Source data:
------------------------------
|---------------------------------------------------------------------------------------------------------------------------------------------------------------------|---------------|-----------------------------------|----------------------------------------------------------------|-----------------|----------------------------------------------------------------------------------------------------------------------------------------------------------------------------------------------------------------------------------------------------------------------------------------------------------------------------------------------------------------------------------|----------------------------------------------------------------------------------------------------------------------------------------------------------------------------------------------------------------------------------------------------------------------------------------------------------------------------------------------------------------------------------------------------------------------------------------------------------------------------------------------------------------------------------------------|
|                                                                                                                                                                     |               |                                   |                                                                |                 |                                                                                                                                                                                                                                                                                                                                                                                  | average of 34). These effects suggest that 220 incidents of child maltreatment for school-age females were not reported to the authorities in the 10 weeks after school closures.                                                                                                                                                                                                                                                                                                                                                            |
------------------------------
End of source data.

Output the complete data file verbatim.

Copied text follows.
|---------------------------------------------------------------------------------------------------------------------------------------------------------------------|---------------|-----------------------------------|----------------------------------------------------------------|-----------------|----------------------------------------------------------------------------------------------------------------------------------------------------------------------------------------------------------------------------------------------------------------------------------------------------------------------------------------------------------------------------------|----------------------------------------------------------------------------------------------------------------------------------------------------------------------------------------------------------------------------------------------------------------------------------------------------------------------------------------------------------------------------------------------------------------------------------------------------------------------------------------------------------------------------------------------|
|                                                                                                                                                                     |               |                                   |                                                                |                 |                                                                                                                                                                                                                                                                                                                                                                                  | average of 34). These effects suggest that 220 incidents of child maltreatment for school-age females were not reported to the authorities in the 10 weeks after school closures.                                                                                                                                                                                                                                                                                                                                                            |